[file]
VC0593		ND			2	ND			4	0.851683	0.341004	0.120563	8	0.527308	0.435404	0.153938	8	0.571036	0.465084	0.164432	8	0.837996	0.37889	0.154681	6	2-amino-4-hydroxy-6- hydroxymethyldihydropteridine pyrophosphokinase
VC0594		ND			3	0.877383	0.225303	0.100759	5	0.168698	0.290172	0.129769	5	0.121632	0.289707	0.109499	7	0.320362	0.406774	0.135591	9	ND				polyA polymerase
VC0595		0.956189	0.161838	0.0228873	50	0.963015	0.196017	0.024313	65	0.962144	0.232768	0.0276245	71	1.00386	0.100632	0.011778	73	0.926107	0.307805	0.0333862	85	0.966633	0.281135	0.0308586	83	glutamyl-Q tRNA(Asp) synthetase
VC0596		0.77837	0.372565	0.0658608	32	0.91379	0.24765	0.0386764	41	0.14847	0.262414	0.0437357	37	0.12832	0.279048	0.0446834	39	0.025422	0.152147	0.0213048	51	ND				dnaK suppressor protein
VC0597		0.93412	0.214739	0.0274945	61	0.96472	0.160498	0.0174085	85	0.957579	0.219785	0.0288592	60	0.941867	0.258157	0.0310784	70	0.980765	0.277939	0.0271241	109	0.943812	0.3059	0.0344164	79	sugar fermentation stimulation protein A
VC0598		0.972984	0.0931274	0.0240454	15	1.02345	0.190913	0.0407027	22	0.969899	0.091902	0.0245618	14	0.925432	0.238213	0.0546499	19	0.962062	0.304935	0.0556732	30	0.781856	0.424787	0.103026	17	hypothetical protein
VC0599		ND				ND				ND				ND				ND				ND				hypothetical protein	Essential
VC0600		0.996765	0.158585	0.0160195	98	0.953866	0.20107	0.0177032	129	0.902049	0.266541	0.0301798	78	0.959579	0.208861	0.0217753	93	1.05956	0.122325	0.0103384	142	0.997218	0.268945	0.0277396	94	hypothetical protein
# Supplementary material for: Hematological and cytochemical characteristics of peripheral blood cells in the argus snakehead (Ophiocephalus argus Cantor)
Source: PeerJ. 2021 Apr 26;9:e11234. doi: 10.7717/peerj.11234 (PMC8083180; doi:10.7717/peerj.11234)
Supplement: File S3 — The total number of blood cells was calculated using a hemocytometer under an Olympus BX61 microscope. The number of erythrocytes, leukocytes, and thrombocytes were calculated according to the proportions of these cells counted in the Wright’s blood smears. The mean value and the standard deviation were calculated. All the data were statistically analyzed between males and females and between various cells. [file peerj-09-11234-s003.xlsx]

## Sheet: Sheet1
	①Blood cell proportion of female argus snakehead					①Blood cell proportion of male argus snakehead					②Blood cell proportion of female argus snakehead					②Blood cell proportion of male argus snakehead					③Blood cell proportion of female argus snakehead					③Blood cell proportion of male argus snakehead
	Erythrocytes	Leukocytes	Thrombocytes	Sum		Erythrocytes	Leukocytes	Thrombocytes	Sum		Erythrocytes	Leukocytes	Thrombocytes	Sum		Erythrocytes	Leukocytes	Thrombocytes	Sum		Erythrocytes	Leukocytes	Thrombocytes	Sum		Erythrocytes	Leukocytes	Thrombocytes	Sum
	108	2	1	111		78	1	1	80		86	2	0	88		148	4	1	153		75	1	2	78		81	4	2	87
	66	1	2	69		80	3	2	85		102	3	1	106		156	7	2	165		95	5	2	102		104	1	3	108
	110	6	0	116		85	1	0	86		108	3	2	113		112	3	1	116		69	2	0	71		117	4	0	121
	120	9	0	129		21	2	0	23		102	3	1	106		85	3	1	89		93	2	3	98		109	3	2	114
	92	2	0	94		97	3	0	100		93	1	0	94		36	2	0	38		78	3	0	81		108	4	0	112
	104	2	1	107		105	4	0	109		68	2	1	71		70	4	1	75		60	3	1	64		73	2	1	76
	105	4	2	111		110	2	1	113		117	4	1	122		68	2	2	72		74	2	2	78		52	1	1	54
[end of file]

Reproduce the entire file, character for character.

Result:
VC0593		ND			2	ND			4	0.851683	0.341004	0.120563	8	0.527308	0.435404	0.153938	8	0.571036	0.465084	0.164432	8	0.837996	0.37889	0.154681	6	2-amino-4-hydroxy-6- hydroxymethyldihydropteridine pyrophosphokinase
VC0594		ND			3	0.877383	0.225303	0.100759	5	0.168698	0.290172	0.129769	5	0.121632	0.289707	0.109499	7	0.320362	0.406774	0.135591	9	ND				polyA polymerase
VC0595		0.956189	0.161838	0.0228873	50	0.963015	0.196017	0.024313	65	0.962144	0.232768	0.0276245	71	1.00386	0.100632	0.011778	73	0.926107	0.307805	0.0333862	85	0.966633	0.281135	0.0308586	83	glutamyl-Q tRNA(Asp) synthetase
VC0596		0.77837	0.372565	0.0658608	32	0.91379	0.24765	0.0386764	41	0.14847	0.262414	0.0437357	37	0.12832	0.279048	0.0446834	39	0.025422	0.152147	0.0213048	51	ND				dnaK suppressor protein
VC0597		0.93412	0.214739	0.0274945	61	0.96472	0.160498	0.0174085	85	0.957579	0.219785	0.0288592	60	0.941867	0.258157	0.0310784	70	0.980765	0.277939	0.0271241	109	0.943812	0.3059	0.0344164	79	sugar fermentation stimulation protein A
VC0598		0.972984	0.0931274	0.0240454	15	1.02345	0.190913	0.0407027	22	0.969899	0.091902	0.0245618	14	0.925432	0.238213	0.0546499	19	0.962062	0.304935	0.0556732	30	0.781856	0.424787	0.103026	17	hypothetical protein
VC0599		ND				ND				ND				ND				ND				ND				hypothetical protein	Essential
VC0600		0.996765	0.158585	0.0160195	98	0.953866	0.20107	0.0177032	129	0.902049	0.266541	0.0301798	78	0.959579	0.208861	0.0217753	93	1.05956	0.122325	0.0103384	142	0.997218	0.268945	0.0277396	94	hypothetical protein
# Supplementary material for: Hematological and cytochemical characteristics of peripheral blood cells in the argus snakehead (Ophiocephalus argus Cantor)
Source: PeerJ. 2021 Apr 26;9:e11234. doi: 10.7717/peerj.11234 (PMC8083180; doi:10.7717/peerj.11234)
Supplement: File S3 — The total number of blood cells was calculated using a hemocytometer under an Olympus BX61 microscope. The number of erythrocytes, leukocytes, and thrombocytes were calculated according to the proportions of these cells counted in the Wright’s blood smears. The mean value and the standard deviation were calculated. All the data were statistically analyzed between males and females and between various cells. [file peerj-09-11234-s003.xlsx]

## Sheet: Sheet1
	①Blood cell proportion of female argus snakehead					①Blood cell proportion of male argus snakehead					②Blood cell proportion of female argus snakehead					②Blood cell proportion of male argus snakehead					③Blood cell proportion of female argus snakehead					③Blood cell proportion of male argus snakehead
	Erythrocytes	Leukocytes	Thrombocytes	Sum		Erythrocytes	Leukocytes	Thrombocytes	Sum		Erythrocytes	Leukocytes	Thrombocytes	Sum		Erythrocytes	Leukocytes	Thrombocytes	Sum		Erythrocytes	Leukocytes	Thrombocytes	Sum		Erythrocytes	Leukocytes	Thrombocytes	Sum
	108	2	1	111		78	1	1	80		86	2	0	88		148	4	1	153		75	1	2	78		81	4	2	87
	66	1	2	69		80	3	2	85		102	3	1	106		156	7	2	165		95	5	2	102		104	1	3	108
	110	6	0	116		85	1	0	86		108	3	2	113		112	3	1	116		69	2	0	71		117	4	0	121
	120	9	0	129		21	2	0	23		102	3	1	106		85	3	1	89		93	2	3	98		109	3	2	114
	92	2	0	94		97	3	0	100		93	1	0	94		36	2	0	38		78	3	0	81		108	4	0	112
	104	2	1	107		105	4	0	109		68	2	1	71		70	4	1	75		60	3	1	64		73	2	1	76
	105	4	2	111		110	2	1	113		117	4	1	122		68	2	2	72		74	2	2	78		52	1	1	54